“Highlighting a woman as a target like this may one day make her the victim of a murder,” says the chief of an organization that has filed a criminal complaint against the high-ranking Turkish official who said last week that women shouldn’t laugh in public.

MY GRAND-PÈRE’S WORLD


FOLLOW YOUR DREAMS
This is definitelya strong contender for headline of the year. Shake those feathers, Les, because YOLO.

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Indigenous Women Of Ecuador Set Example For Sustainable Agriculture

In southern Ecuador, a women-led agricultural program offers valuable lessons on sustainable farming methods, but also how to end violence.

Photo of women walking in Ecuador

Women walking in Guangaje Ecuador

Camila Albuja

SARAGURO — Here in this corner of southern Ecuador, life seems to be like a mandala — everything is cleverly used in this ancestral system of circular production. But the women of Saraguro had to fight and resist to make their way of life, protecting the local water and the seeds. When weaving, the women share and take care of each other, also weaving a sense of community.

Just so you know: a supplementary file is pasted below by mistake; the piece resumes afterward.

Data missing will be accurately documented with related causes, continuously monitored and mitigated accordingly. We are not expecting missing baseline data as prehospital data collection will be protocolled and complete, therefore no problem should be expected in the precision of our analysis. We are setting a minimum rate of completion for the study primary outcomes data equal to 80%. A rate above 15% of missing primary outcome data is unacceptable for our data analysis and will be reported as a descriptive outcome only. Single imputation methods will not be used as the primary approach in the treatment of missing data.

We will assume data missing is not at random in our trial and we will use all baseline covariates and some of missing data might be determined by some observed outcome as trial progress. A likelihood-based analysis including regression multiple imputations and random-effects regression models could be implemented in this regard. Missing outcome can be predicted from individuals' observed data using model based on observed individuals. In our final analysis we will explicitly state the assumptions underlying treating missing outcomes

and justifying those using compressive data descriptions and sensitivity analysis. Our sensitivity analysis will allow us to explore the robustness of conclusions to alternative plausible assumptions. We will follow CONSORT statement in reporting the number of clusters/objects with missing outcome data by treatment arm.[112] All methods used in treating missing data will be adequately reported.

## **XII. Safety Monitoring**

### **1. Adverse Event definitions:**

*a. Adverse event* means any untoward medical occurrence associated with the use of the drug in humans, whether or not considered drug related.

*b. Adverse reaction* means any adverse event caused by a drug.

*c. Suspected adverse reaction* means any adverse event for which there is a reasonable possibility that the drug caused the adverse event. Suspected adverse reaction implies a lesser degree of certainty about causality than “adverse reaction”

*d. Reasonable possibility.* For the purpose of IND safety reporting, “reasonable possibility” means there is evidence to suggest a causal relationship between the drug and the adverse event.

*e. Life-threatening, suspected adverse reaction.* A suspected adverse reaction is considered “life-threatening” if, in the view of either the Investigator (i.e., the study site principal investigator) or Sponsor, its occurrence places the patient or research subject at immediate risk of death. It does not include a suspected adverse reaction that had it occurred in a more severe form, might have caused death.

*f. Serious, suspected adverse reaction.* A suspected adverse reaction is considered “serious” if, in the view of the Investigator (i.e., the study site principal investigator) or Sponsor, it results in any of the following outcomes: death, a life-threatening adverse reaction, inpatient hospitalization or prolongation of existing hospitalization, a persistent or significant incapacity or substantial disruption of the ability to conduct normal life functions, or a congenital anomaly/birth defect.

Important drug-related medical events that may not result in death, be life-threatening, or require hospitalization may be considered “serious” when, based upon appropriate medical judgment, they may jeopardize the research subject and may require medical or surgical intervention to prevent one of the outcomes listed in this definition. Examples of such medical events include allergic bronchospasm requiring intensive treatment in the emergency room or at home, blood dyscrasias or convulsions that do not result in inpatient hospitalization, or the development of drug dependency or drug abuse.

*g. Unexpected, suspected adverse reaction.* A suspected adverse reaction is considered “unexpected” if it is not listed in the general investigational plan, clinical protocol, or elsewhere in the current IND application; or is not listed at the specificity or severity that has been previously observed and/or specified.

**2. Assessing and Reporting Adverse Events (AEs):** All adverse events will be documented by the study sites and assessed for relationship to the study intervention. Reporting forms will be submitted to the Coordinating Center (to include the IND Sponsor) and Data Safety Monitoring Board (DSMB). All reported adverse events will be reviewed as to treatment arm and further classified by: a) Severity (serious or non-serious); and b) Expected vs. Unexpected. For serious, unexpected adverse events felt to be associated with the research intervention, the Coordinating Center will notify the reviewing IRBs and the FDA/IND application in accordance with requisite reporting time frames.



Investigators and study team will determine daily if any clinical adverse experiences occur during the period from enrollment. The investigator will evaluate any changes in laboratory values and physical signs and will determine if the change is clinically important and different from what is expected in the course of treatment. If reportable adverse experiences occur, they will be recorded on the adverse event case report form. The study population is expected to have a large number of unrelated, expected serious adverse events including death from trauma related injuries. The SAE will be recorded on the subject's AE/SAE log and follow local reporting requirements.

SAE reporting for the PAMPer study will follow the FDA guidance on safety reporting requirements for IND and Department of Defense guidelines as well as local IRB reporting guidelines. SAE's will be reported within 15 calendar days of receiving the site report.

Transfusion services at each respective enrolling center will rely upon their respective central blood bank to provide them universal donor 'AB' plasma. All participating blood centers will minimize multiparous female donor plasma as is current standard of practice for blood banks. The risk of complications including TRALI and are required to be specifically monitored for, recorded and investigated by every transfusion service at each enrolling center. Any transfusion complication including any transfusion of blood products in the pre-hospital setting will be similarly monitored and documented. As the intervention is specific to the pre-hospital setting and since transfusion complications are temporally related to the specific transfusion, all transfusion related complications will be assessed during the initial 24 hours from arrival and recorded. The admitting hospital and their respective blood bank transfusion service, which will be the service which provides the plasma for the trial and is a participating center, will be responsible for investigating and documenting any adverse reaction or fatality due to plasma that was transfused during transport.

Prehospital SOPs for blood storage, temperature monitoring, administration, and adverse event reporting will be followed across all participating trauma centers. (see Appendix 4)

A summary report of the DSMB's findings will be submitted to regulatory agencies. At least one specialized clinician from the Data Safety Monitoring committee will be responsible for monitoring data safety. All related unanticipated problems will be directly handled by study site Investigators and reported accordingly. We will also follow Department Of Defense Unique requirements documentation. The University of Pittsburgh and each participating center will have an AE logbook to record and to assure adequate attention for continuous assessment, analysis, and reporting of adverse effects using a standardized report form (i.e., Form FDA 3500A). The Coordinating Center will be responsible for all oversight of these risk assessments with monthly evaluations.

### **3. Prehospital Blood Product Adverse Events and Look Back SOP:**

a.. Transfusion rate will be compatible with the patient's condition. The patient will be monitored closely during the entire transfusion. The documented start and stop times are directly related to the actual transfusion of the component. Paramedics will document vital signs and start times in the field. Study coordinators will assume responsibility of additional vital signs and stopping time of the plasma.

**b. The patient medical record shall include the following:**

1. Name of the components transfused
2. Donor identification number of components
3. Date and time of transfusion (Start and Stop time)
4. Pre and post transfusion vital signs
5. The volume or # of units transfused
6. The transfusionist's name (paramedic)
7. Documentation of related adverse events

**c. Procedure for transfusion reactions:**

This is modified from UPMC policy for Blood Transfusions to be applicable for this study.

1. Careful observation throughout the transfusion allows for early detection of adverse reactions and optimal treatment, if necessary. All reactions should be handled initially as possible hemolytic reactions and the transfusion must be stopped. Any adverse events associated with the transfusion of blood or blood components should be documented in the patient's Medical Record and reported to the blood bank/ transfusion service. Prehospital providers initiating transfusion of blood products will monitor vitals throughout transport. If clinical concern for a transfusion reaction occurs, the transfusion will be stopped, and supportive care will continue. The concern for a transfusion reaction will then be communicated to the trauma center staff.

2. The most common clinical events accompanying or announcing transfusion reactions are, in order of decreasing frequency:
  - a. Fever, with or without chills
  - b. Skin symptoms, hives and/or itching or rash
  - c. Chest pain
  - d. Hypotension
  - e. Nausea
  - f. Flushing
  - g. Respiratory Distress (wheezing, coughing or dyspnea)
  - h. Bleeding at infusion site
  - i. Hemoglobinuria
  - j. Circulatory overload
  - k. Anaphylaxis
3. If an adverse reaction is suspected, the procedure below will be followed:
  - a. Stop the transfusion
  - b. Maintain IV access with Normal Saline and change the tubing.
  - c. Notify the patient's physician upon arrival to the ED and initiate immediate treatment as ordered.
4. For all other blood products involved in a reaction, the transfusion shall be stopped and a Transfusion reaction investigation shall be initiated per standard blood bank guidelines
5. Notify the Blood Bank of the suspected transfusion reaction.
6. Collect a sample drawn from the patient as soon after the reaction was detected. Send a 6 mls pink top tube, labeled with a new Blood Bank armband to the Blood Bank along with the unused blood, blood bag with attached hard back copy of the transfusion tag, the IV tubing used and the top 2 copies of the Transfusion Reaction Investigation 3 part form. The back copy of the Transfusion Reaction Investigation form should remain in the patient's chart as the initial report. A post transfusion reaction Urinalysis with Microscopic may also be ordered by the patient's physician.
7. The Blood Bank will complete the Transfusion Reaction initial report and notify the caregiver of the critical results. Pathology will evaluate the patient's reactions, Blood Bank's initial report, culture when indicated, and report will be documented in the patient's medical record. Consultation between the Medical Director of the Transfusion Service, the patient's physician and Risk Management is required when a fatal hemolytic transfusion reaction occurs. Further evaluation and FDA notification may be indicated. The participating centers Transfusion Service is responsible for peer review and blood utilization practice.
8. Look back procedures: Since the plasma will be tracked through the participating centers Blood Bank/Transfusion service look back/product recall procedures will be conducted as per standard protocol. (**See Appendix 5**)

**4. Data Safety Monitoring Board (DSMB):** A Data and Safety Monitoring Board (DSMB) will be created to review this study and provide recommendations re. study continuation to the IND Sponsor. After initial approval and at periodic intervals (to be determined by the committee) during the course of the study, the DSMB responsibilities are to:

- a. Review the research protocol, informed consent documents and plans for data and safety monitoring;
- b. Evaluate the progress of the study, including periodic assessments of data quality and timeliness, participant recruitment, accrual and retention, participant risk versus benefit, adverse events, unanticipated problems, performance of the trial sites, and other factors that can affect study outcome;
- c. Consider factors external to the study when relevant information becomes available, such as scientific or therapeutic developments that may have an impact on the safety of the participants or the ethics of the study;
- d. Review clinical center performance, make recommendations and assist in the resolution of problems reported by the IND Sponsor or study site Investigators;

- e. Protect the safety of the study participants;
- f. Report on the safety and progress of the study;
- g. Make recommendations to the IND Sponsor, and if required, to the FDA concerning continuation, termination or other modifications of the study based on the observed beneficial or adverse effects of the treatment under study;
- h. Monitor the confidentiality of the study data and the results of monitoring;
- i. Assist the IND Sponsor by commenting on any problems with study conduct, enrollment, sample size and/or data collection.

With the wrinkled tips of her fingers, Mercedes Quizhpe, an indigenous woman from the Kichwa Saraguro people, washes one by one the freshly harvested vegetables from her garden. Standing on a small bench, with her hands plunged into the strong torrent of icy water and the bone-chilling early morning breeze, she checks that each one of her vegetables is ready for fair day. Her actions hold a life of historical resistance, one that prioritizes the care of life through the defense of territory and food sovereignty.

Mercedes' way of life is also one that holds many potential lessons for how to do agriculture and tourism better.

In the province of Loja, work begins before sunrise. At 5:00 a.m., the barking of dogs, the guardians of each house, starts. There is that characteristic smell of damp earth from the morning dew. Sheep bah uninterruptedly through the day. With all this life around, the crowing of early-rising roosters doesn't sound so lonely.